The frog and the scorpion arrived at the edge of a river at the same time. Both wanted to get to the other side. The scorpion asked the frog for a ride on the frog’s back because the scorpion could not swim.
The frog objected, saying that the scorpion might sting him if he was on the frog’s back.
The scorpion replied that he would not do that because if he stung the frog as they crossed the river he would drown himself.
So they set out, and midway across the river the scorpion stung the frog.
As they both went down the frog said “Why did you do that?”
“Because I am a scorpion.”
Consider the relationship between renewable energy and the energy from conventional sources, mostly coal. As the installed capacity of RE increases on the back of subsidies and mandates it erodes the financial viability of coal power. We are told that it is so much cheaper that coal can’t compete, and indeed it will be a great benefit if the old coalers close well in advance of their normal lifetimes.
Why is RE so much cheaper than coal power?
Quite simply because solar and wind providers are not covering the cost of “firming” that is, filling the gaps on windless nights between the peak levels of RE supply on sunny and windy days.
RE is like the scorpion, getting a ride on the back of the frog.
As long as the frog is strong enough to carry the scorpion, that is, to provide all the power that is demanded by the grid on windless nights, the lights will stay on and nobody will be alarmed
However the scorpion is slowly and steadily killing the frog by undercutting the price of coal in the market.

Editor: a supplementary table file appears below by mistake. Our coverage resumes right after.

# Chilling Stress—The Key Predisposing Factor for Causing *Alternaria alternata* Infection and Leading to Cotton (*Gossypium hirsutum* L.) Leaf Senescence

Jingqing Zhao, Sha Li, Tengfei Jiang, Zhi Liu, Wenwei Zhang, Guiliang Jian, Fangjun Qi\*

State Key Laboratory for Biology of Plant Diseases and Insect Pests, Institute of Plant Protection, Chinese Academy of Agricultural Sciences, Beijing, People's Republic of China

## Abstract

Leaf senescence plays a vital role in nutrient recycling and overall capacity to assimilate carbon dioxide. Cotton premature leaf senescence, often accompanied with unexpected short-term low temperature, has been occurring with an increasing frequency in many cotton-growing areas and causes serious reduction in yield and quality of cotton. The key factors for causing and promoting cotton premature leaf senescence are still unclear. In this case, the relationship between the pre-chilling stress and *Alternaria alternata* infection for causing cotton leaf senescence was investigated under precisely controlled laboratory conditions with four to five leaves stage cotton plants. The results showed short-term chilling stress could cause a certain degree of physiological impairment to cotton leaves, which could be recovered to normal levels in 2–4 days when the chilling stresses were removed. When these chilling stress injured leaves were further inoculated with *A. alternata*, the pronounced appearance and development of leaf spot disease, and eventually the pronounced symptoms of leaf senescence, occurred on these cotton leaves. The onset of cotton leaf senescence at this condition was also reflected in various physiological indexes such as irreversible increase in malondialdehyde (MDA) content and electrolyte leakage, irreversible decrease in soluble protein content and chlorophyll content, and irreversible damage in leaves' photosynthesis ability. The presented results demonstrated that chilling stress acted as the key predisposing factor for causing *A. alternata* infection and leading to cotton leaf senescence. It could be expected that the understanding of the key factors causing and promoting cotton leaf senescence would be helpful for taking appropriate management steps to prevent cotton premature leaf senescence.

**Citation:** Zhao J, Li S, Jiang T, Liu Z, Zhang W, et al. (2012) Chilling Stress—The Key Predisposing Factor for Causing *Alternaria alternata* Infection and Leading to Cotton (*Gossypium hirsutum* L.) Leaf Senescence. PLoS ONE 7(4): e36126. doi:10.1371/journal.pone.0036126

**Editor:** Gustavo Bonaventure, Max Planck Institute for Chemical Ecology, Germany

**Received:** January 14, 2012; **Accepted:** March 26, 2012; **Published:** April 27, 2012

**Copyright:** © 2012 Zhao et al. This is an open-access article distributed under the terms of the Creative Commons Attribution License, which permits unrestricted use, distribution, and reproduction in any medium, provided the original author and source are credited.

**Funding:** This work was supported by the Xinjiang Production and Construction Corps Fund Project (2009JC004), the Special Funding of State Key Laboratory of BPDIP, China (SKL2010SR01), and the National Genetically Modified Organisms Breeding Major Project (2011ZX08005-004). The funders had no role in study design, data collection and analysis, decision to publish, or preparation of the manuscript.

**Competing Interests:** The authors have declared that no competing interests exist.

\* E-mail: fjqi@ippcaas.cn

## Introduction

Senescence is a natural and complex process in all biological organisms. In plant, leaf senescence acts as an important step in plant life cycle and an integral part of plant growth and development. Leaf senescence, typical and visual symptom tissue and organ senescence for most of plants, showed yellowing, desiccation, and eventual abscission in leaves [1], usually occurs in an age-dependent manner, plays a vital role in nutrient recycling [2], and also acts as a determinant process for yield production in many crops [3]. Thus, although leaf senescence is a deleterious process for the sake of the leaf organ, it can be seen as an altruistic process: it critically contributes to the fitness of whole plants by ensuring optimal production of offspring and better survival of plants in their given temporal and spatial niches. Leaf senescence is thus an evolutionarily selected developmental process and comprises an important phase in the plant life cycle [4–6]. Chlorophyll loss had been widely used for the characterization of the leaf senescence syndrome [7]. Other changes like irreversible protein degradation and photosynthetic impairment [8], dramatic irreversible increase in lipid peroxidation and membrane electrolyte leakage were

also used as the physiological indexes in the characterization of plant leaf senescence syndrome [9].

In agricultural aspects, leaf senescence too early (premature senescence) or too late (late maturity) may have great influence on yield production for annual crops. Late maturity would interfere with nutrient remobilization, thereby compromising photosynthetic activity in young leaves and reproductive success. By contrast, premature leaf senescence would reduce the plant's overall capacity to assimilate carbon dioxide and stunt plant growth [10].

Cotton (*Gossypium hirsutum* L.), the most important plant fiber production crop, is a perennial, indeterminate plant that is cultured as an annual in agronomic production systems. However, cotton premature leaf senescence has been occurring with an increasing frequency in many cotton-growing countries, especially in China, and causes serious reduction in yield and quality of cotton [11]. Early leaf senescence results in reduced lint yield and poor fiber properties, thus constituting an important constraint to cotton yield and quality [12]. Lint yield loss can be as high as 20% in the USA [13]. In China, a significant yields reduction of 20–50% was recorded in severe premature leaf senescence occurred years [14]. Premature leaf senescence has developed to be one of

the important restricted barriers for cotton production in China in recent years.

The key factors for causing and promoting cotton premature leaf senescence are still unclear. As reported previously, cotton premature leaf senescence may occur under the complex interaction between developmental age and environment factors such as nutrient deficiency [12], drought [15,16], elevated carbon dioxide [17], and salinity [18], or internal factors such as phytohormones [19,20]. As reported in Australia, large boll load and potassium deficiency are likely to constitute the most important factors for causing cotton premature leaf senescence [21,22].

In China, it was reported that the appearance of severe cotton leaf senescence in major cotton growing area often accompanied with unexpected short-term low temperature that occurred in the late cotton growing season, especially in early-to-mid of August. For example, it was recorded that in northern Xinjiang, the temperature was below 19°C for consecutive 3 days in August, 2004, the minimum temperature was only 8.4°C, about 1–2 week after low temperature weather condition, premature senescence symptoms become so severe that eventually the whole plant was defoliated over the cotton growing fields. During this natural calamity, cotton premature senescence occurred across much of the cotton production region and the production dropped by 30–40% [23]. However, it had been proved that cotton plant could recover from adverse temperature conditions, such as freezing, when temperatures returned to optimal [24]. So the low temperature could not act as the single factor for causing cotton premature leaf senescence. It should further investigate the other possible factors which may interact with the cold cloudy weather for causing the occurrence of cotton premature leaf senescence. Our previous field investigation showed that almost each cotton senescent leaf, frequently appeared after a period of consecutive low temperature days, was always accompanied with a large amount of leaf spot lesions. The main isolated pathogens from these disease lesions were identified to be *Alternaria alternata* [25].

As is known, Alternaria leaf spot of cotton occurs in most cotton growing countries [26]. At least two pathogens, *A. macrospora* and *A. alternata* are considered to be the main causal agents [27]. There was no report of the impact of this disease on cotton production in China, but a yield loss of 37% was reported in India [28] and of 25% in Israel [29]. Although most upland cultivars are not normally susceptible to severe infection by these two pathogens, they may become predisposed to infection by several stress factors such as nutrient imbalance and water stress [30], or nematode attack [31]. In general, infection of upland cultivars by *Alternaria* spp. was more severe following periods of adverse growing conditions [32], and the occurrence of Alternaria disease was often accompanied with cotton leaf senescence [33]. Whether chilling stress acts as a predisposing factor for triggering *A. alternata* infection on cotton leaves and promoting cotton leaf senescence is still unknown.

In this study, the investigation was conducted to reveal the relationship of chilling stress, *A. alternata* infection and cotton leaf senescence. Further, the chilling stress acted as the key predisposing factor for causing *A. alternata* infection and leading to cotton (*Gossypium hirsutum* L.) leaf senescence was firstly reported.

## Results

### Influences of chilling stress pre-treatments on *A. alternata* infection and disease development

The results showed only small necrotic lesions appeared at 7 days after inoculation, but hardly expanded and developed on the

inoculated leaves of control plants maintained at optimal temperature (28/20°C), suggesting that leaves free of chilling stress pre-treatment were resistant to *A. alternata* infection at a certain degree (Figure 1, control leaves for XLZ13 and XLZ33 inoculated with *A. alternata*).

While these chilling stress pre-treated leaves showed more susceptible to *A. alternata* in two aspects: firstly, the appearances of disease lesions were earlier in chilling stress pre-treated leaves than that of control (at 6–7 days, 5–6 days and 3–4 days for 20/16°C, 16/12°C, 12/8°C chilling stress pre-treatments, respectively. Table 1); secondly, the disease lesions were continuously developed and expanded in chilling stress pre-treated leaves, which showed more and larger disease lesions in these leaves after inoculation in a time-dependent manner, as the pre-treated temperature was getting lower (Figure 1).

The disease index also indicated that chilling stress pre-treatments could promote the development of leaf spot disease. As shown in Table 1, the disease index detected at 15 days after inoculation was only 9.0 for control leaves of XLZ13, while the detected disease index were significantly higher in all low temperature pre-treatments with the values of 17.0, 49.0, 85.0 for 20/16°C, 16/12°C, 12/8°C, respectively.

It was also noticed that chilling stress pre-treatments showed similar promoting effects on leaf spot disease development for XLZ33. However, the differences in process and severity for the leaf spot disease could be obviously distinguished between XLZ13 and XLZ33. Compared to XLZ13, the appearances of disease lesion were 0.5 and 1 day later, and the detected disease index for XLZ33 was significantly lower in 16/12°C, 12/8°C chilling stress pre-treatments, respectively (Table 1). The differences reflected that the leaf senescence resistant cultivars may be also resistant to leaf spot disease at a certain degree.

When the scorpion has killed a little more of the “frog”, say a couple more coal-fired power stations, there will be a tipping point when there is not enough conventional power left to keep the lights on through windless nights, or dinnertimes during a wind drought.
The analogy is imperfect because the wind and solar providers don’t die when there is not enough conventional power to keep the lights on, it is the grid that dies, or large parts of it, with all the services that the grid supports.
The RE “scorpion” is supposed to want to keep the grid alive, in the same way the scorpion in the story ostensibly wanted to get to the other side of the river. But RE cannot keep the grid alive through windless nights without the help of the conventional power “frog”.
And as the grid dies on a windless night, someone might ask the “scorpion” why it killed conventional power and hence the grid, to which RE would reply “because that is what I do.”
Far from being cheaper, the real cost of RE plus firming is much more expensive than conventional power. This is demonstrated in an elaborate model of the NEM – the electricity system of SE Australia, with estimates for the cost of power from different sources and combinations of sources. The existing (base) case 1 and also 2, replacing brown coal with nuclear, costs between $60 and $80 per MWh.
The options 3 (replacing all coal with nuclear) and 5 (replacing all coal with nuclear) would cost between $60 and $80 per MWh.
Case 4 that they described as the AEMO plan at the time would cost in the order of $250 per MWh in 2040.
Case 6 shows a 100% renewable mix comprising solar PV, wind and hydro with support from pumped storage and some battery storage. Because of low capacity factors, solar PV and wind require a combined total of 110,000 MW of capacity. There is also a need for 30,000 MW of pumped storage capacity for 3 days. To this must be added high-cost additional transmission to get the power to points of high consumption where it is needed, making a total SLCOE of $ 415.50 / MWh.
Of course all the assumptions in the model can be disputed but the fact remains that the RE enthusiasts have not yet come to grips with the full implications of turning aspirational RE goals into reality. Up to date they have been able to ignore the value of the free ride that they are getting on the back of conventional power (the frog) that provides the “firming” or backup to cover the gaps in wind and solar supply (the scorpion).